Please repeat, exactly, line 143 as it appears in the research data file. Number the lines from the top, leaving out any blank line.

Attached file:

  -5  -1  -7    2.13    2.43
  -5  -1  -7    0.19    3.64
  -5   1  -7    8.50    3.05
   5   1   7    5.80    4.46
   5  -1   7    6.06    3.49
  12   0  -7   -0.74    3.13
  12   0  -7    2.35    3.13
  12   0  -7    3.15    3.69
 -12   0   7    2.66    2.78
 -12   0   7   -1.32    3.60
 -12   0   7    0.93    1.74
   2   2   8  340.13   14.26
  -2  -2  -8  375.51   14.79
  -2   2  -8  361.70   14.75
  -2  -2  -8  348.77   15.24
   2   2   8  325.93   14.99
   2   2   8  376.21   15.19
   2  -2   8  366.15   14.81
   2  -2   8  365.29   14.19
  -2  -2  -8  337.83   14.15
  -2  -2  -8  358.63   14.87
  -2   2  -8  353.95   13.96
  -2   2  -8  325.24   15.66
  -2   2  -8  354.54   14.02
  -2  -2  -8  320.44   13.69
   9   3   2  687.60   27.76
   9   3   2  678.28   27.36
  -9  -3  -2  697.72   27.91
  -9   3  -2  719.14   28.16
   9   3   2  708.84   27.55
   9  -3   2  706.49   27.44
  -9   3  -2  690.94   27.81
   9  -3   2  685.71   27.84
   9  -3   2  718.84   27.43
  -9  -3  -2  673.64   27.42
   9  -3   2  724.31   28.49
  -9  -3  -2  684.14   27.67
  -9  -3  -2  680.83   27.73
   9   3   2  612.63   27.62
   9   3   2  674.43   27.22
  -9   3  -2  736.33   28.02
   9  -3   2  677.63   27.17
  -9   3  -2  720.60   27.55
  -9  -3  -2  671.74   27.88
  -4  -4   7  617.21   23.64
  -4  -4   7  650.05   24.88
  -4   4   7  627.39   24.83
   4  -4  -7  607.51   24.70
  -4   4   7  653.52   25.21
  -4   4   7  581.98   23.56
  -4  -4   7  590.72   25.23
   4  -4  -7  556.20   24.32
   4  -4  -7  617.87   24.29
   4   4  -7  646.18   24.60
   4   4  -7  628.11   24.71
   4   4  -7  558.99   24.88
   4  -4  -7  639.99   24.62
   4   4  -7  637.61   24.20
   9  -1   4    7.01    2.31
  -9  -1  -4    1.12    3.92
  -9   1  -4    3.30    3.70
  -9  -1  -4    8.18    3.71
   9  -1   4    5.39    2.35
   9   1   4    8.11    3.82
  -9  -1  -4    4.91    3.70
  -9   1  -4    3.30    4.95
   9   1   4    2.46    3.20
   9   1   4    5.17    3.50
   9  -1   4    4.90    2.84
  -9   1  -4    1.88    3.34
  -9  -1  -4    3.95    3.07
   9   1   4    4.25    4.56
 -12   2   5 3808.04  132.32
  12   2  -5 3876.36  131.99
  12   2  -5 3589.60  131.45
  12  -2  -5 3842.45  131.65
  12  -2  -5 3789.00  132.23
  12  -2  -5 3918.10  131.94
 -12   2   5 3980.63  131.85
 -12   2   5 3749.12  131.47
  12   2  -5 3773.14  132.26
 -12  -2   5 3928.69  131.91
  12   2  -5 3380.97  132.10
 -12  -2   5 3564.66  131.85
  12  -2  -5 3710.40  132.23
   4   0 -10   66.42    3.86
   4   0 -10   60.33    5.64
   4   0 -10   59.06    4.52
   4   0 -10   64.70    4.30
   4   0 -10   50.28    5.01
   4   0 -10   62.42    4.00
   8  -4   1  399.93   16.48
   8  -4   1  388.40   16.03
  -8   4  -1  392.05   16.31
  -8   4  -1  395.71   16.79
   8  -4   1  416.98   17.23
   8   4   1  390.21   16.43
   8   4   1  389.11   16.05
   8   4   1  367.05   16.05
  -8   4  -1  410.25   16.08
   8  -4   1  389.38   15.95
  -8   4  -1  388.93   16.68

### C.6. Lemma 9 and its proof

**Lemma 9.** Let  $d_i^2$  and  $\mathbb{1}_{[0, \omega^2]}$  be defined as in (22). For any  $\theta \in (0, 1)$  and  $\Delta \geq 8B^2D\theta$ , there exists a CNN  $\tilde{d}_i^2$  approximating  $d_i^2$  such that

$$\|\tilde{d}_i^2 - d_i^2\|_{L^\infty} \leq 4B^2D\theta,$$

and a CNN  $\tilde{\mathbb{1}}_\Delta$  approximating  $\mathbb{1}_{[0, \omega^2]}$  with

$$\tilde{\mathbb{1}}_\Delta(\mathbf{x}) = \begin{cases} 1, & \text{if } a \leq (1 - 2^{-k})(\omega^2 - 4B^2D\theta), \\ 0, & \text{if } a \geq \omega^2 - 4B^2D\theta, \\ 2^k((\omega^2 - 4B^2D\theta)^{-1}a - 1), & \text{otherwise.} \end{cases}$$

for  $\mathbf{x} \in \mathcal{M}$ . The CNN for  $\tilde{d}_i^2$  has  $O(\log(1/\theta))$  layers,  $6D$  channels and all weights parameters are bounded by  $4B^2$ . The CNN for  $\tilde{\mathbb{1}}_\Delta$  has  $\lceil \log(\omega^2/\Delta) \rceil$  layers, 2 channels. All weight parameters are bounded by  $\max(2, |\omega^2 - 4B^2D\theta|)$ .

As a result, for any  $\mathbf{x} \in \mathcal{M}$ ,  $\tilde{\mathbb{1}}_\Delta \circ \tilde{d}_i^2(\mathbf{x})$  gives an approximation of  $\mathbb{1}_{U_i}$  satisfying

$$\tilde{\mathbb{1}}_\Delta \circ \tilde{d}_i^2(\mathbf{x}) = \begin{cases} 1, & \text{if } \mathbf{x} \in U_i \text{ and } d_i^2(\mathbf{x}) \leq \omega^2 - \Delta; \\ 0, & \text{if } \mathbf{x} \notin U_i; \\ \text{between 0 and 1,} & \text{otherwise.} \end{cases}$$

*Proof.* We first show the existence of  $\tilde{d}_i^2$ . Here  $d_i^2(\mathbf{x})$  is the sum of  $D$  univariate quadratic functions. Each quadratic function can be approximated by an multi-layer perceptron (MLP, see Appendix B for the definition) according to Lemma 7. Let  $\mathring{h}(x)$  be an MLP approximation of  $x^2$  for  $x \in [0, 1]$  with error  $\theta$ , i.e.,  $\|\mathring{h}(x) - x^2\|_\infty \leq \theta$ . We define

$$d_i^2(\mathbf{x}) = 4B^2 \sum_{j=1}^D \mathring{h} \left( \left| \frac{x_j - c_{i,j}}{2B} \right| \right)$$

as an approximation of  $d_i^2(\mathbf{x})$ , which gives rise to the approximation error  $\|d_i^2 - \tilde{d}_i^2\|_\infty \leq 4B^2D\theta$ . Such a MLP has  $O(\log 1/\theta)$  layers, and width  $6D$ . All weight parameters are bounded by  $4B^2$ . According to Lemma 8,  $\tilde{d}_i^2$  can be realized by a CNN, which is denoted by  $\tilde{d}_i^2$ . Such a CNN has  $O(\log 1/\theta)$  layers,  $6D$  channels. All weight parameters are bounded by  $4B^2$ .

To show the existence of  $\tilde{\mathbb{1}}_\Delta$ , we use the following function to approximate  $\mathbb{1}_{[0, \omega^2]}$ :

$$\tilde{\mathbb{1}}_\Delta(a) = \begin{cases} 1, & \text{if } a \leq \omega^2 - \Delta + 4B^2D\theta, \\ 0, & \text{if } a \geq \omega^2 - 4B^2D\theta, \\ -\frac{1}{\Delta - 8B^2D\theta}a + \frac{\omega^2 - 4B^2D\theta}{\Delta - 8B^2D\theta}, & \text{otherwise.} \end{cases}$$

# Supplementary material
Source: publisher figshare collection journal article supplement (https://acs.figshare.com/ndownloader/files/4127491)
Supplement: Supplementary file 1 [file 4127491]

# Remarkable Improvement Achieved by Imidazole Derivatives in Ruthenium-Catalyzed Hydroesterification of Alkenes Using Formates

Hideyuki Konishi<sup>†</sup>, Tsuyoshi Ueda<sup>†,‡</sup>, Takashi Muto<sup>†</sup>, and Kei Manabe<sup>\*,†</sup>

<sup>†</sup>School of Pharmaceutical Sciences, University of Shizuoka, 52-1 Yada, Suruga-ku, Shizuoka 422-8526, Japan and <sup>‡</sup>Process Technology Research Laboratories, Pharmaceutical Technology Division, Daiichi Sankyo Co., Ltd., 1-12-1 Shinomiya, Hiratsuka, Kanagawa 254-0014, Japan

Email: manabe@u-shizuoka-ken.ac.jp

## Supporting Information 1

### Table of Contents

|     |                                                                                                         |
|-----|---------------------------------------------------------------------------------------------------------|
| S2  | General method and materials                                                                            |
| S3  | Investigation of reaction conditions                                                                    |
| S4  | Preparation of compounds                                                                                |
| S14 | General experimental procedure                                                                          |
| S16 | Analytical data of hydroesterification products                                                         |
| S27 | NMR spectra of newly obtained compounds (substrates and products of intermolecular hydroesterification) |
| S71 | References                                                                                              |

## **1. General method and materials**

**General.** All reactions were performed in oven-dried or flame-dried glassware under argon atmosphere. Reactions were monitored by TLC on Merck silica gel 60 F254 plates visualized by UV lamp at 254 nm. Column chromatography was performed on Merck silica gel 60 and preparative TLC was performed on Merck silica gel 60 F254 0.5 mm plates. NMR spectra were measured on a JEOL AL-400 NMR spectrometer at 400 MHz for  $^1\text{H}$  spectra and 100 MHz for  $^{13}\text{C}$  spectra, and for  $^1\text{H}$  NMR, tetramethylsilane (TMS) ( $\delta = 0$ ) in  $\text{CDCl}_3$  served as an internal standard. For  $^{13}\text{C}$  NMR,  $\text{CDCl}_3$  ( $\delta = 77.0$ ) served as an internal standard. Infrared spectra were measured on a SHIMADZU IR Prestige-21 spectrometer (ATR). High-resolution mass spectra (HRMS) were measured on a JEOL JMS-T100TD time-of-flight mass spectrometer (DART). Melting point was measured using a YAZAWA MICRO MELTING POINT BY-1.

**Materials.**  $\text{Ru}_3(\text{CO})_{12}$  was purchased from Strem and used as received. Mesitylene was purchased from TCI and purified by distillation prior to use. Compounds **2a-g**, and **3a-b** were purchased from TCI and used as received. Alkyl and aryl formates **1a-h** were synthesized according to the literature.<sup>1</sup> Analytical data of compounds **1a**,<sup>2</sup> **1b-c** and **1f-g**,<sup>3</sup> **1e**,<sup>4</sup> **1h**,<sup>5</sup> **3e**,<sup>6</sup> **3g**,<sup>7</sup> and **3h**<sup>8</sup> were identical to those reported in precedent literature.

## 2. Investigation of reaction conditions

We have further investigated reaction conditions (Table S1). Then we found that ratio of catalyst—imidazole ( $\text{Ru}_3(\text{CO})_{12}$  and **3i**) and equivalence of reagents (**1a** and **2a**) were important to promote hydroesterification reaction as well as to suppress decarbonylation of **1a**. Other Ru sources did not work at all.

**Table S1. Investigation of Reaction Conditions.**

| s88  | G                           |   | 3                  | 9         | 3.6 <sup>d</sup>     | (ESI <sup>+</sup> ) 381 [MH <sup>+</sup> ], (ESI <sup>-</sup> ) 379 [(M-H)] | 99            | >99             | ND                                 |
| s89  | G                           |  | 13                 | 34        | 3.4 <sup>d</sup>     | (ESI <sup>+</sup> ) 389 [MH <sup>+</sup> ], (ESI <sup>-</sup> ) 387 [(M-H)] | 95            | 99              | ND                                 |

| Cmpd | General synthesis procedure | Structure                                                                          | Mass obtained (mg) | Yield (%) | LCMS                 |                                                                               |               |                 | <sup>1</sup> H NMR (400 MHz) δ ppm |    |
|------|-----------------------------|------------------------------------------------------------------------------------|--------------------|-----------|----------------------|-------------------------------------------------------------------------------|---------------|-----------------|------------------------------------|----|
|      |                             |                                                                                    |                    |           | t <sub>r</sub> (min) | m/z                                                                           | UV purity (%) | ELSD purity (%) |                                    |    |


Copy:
|------|-----------------------------|------------------------------------------------------------------------------------|--------------------|-----------|----------------------|-------------------------------------------------------------------------------|---------------|-----------------|------------------------------------|----|